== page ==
Genealogy compels you to realize both how unimportant and how important you are—unimportant in terms of history (one small organism among many, all of them with preoccupations and concerns every bit as real as yours), important insofar as a duty devolves upon you, not to let the line die out. Genealogy puts you in communion with your family’s past, and in communion with your country’s past. You are a link in a long chain, and the chain of your kin is one of many forming the pattern of your national history and informing your present national consciousness. There is an intrinsic satisfaction in being inescapably part of both a genetic family and a national family. There is a deep satisfaction in the idea of your being true to your forefathers, of being true to type.

When travel writer H.V. Morton visited Lewes in Sussex in 1942, he stated the consanguinity of genealogy thus: “And through it all runs the connecting link of a local spirit: the feeling that sheep-lanes which became lanes and then grew into roads, still carry men to the old town on the hill, men who are not unlike their fathers or their grandfathers” (I Saw Two Englands, Methuen, 1942). Despite the dysfunctional atomization of the years since the war, despite the progressive disintegration of the family unit, despite the increased mobility of ideas and populations, a chord of harmony is struck by Morton’s simple words, and we get a tantalizing whiff of a solidity and permanency that is becoming a memory (or is an unattainable dream).

Genealogy enables us to gather some of that protective shield around us, and to wrap ourselves in a feeling of order and rootage. Not all of us, not even many of us, I suspect, want to be rolling stones all our lives; genealogy reminds us that there was once at least a semblance of immutability. We have visions of Norman churches, full of dusty sunlight—of half-timbered houses—and overgrown graveyards—and remote farms—and the crowded streets of lost cities—and we see people similar to ourselves all the way through. Genealogy reminds us that nothing is futile, that no act is insignificant, that some acts— such as the admission of millions of immigrants from the Third World into Britain—are of the utmost significance. Will Alice Duer Miller’s “blond, bowed,” blue-eyed English faces really “always be / found in the cream of English places / Till England herself sink into the sea”?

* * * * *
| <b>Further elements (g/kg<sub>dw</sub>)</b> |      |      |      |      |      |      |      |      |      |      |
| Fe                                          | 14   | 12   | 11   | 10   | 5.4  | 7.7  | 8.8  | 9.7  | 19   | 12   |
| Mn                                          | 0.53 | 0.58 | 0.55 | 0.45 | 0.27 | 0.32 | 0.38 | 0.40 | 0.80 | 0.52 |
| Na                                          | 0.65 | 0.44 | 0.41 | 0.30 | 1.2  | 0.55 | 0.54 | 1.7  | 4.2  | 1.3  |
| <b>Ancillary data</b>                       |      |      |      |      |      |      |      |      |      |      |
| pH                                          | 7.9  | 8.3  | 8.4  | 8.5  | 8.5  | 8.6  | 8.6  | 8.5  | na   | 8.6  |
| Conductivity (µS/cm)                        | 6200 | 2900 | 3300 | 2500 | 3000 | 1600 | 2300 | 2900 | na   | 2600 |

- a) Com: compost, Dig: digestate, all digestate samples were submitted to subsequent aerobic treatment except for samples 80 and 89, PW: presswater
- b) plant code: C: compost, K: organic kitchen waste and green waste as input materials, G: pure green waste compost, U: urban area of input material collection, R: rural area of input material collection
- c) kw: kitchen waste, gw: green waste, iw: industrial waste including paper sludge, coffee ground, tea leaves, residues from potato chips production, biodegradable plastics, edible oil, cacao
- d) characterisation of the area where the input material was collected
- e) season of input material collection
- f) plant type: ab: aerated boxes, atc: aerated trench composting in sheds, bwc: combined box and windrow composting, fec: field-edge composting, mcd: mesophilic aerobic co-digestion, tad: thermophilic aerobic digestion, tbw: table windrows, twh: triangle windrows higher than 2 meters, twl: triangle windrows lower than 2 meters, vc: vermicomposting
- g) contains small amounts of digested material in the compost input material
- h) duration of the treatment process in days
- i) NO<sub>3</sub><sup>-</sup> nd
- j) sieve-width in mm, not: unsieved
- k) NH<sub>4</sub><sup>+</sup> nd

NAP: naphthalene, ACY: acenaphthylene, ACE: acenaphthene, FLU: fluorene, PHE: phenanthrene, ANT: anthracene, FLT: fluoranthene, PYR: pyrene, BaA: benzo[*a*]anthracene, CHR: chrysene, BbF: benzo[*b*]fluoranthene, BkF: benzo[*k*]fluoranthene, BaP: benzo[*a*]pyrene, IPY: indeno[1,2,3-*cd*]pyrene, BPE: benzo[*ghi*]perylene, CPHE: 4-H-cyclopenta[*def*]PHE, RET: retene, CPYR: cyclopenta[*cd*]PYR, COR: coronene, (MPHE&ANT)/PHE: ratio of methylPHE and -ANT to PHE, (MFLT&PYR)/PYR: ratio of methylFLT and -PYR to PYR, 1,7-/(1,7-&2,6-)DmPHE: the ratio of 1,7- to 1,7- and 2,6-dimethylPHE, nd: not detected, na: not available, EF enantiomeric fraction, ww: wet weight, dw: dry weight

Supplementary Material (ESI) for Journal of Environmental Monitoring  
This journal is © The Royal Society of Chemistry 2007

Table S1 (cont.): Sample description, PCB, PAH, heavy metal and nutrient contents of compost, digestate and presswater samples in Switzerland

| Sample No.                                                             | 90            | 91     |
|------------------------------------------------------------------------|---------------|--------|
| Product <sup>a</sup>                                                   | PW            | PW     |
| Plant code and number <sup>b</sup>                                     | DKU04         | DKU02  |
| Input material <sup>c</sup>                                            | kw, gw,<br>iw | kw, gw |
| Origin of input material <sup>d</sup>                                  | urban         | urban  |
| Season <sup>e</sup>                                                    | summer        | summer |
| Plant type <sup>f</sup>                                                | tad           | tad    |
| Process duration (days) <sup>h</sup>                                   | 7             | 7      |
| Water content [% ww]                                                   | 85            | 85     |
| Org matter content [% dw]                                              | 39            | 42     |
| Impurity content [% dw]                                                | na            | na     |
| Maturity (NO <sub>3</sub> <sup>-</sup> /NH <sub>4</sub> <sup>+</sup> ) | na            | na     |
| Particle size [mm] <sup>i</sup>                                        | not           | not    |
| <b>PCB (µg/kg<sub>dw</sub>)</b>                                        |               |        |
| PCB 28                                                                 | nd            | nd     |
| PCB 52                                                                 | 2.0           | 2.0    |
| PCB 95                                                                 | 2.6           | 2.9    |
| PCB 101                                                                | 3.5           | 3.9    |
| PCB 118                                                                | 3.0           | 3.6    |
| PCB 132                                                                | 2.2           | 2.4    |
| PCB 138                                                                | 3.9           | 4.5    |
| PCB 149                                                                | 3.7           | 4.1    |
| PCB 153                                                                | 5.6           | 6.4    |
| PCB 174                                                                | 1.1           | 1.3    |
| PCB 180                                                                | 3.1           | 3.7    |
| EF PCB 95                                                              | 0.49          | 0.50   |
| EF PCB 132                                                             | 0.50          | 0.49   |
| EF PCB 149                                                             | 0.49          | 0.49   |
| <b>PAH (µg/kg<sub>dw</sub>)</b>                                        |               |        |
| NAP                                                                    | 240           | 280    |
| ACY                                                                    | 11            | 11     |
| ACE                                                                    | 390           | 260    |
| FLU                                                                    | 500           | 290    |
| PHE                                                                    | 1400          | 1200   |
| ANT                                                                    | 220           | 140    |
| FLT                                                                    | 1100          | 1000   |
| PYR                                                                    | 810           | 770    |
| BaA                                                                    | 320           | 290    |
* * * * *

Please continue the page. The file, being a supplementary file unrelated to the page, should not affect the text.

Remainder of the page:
Genealogy reminds us that we may definitely attain to some kind of immortality. In an age when many of us have lost our religion forever, that is some consolation. We share something of our features and traits with ancestors who may be very distant indeed; they have become immortal through their children, and we may through ours. Content in our deep roots, and in our assured future, we spread contentment around us; we realize with the now-obscure but not dead Landon that: “The pride of blood is a most important and beneficial influence.” In a world speedily becoming homogenized, it is vital that we retain some vestige of exclusivity, so that when seen in retrospect by some future Santavana, “Our distinction and glory, as well as our sorrow, will have lain in being something in particular, and in knowing what it is.” The landscape is real and substantial, more than just a pretty picture. We own it, because our ancestors have fertilized it, and we become aware of the need for its preservation; our country is real, a long saga of discrete, diverse threads blending and yet retaining their distinctiveness; we are venerable, and valuable in our own right; and the whole world becomes clearer and more colorful all at once.